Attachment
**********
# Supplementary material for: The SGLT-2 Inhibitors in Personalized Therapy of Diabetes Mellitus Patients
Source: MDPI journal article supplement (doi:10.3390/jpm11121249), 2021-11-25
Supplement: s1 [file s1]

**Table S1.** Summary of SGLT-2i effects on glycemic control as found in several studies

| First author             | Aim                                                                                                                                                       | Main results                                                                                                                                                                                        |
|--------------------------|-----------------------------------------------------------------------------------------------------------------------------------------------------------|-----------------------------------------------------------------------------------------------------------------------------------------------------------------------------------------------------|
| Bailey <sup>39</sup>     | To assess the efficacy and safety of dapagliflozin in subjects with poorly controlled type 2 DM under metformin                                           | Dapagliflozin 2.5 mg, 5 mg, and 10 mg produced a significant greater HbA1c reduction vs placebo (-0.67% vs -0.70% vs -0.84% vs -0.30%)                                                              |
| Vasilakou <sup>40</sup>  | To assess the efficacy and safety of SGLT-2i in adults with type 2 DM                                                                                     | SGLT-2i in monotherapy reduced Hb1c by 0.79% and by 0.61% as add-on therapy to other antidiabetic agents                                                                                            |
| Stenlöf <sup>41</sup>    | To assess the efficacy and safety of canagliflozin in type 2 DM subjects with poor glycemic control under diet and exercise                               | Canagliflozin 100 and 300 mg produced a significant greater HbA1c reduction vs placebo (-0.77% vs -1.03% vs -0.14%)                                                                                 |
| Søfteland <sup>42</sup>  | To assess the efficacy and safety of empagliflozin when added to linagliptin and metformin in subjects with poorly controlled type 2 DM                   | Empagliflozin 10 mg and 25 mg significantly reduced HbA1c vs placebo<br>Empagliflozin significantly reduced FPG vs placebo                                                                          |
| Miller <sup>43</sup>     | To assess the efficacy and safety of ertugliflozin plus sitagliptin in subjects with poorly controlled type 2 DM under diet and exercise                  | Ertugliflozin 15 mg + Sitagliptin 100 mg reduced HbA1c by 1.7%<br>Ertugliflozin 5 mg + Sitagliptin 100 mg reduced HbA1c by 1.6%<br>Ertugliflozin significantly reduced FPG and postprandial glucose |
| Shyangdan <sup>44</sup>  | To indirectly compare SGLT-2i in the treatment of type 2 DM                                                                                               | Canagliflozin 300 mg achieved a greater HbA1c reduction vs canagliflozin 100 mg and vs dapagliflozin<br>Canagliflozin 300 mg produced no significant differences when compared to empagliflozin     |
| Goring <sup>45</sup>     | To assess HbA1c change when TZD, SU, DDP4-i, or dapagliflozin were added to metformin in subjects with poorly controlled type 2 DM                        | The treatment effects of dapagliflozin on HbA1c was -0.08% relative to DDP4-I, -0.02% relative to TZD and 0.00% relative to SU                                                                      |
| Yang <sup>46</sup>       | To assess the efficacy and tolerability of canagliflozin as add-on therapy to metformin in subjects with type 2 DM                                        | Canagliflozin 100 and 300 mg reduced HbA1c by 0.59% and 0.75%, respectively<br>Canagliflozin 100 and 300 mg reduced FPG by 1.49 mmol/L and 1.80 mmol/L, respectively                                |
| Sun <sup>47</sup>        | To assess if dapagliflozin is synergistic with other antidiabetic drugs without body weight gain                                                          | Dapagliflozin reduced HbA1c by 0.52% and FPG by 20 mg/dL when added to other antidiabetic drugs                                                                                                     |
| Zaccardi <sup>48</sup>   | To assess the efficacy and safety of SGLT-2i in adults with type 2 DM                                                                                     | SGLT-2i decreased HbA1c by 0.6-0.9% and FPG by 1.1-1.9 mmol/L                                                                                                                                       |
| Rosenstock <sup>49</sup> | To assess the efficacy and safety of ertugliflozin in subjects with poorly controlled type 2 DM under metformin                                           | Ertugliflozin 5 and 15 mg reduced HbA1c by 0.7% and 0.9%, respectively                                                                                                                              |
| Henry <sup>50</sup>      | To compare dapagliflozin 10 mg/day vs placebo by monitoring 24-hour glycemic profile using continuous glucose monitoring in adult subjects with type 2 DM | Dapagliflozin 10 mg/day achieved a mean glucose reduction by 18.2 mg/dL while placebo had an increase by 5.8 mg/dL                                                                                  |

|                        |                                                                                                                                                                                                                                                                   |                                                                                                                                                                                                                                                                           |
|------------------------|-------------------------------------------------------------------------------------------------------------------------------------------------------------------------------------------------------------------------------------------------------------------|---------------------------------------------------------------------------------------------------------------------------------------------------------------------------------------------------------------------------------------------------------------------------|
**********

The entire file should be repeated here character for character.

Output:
# Supplementary material for: The SGLT-2 Inhibitors in Personalized Therapy of Diabetes Mellitus Patients
Source: MDPI journal article supplement (doi:10.3390/jpm11121249), 2021-11-25
Supplement: s1 [file s1]

**Table S1.** Summary of SGLT-2i effects on glycemic control as found in several studies

| First author             | Aim                                                                                                                                                       | Main results                                                                                                                                                                                        |
|--------------------------|-----------------------------------------------------------------------------------------------------------------------------------------------------------|-----------------------------------------------------------------------------------------------------------------------------------------------------------------------------------------------------|
| Bailey <sup>39</sup>     | To assess the efficacy and safety of dapagliflozin in subjects with poorly controlled type 2 DM under metformin                                           | Dapagliflozin 2.5 mg, 5 mg, and 10 mg produced a significant greater HbA1c reduction vs placebo (-0.67% vs -0.70% vs -0.84% vs -0.30%)                                                              |
| Vasilakou <sup>40</sup>  | To assess the efficacy and safety of SGLT-2i in adults with type 2 DM                                                                                     | SGLT-2i in monotherapy reduced Hb1c by 0.79% and by 0.61% as add-on therapy to other antidiabetic agents                                                                                            |
| Stenlöf <sup>41</sup>    | To assess the efficacy and safety of canagliflozin in type 2 DM subjects with poor glycemic control under diet and exercise                               | Canagliflozin 100 and 300 mg produced a significant greater HbA1c reduction vs placebo (-0.77% vs -1.03% vs -0.14%)                                                                                 |
| Søfteland <sup>42</sup>  | To assess the efficacy and safety of empagliflozin when added to linagliptin and metformin in subjects with poorly controlled type 2 DM                   | Empagliflozin 10 mg and 25 mg significantly reduced HbA1c vs placebo<br>Empagliflozin significantly reduced FPG vs placebo                                                                          |
| Miller <sup>43</sup>     | To assess the efficacy and safety of ertugliflozin plus sitagliptin in subjects with poorly controlled type 2 DM under diet and exercise                  | Ertugliflozin 15 mg + Sitagliptin 100 mg reduced HbA1c by 1.7%<br>Ertugliflozin 5 mg + Sitagliptin 100 mg reduced HbA1c by 1.6%<br>Ertugliflozin significantly reduced FPG and postprandial glucose |
| Shyangdan <sup>44</sup>  | To indirectly compare SGLT-2i in the treatment of type 2 DM                                                                                               | Canagliflozin 300 mg achieved a greater HbA1c reduction vs canagliflozin 100 mg and vs dapagliflozin<br>Canagliflozin 300 mg produced no significant differences when compared to empagliflozin     |
| Goring <sup>45</sup>     | To assess HbA1c change when TZD, SU, DDP4-i, or dapagliflozin were added to metformin in subjects with poorly controlled type 2 DM                        | The treatment effects of dapagliflozin on HbA1c was -0.08% relative to DDP4-I, -0.02% relative to TZD and 0.00% relative to SU                                                                      |
| Yang <sup>46</sup>       | To assess the efficacy and tolerability of canagliflozin as add-on therapy to metformin in subjects with type 2 DM                                        | Canagliflozin 100 and 300 mg reduced HbA1c by 0.59% and 0.75%, respectively<br>Canagliflozin 100 and 300 mg reduced FPG by 1.49 mmol/L and 1.80 mmol/L, respectively                                |
| Sun <sup>47</sup>        | To assess if dapagliflozin is synergistic with other antidiabetic drugs without body weight gain                                                          | Dapagliflozin reduced HbA1c by 0.52% and FPG by 20 mg/dL when added to other antidiabetic drugs                                                                                                     |
| Zaccardi <sup>48</sup>   | To assess the efficacy and safety of SGLT-2i in adults with type 2 DM                                                                                     | SGLT-2i decreased HbA1c by 0.6-0.9% and FPG by 1.1-1.9 mmol/L                                                                                                                                       |
| Rosenstock <sup>49</sup> | To assess the efficacy and safety of ertugliflozin in subjects with poorly controlled type 2 DM under metformin                                           | Ertugliflozin 5 and 15 mg reduced HbA1c by 0.7% and 0.9%, respectively                                                                                                                              |
| Henry <sup>50</sup>      | To compare dapagliflozin 10 mg/day vs placebo by monitoring 24-hour glycemic profile using continuous glucose monitoring in adult subjects with type 2 DM | Dapagliflozin 10 mg/day achieved a mean glucose reduction by 18.2 mg/dL while placebo had an increase by 5.8 mg/dL                                                                                  |

|                        |                                                                                                                                                                                                                                                                   |                                                                                                                                                                                                                                                                           |
|------------------------|-------------------------------------------------------------------------------------------------------------------------------------------------------------------------------------------------------------------------------------------------------------------|---------------------------------------------------------------------------------------------------------------------------------------------------------------------------------------------------------------------------------------------------------------------------|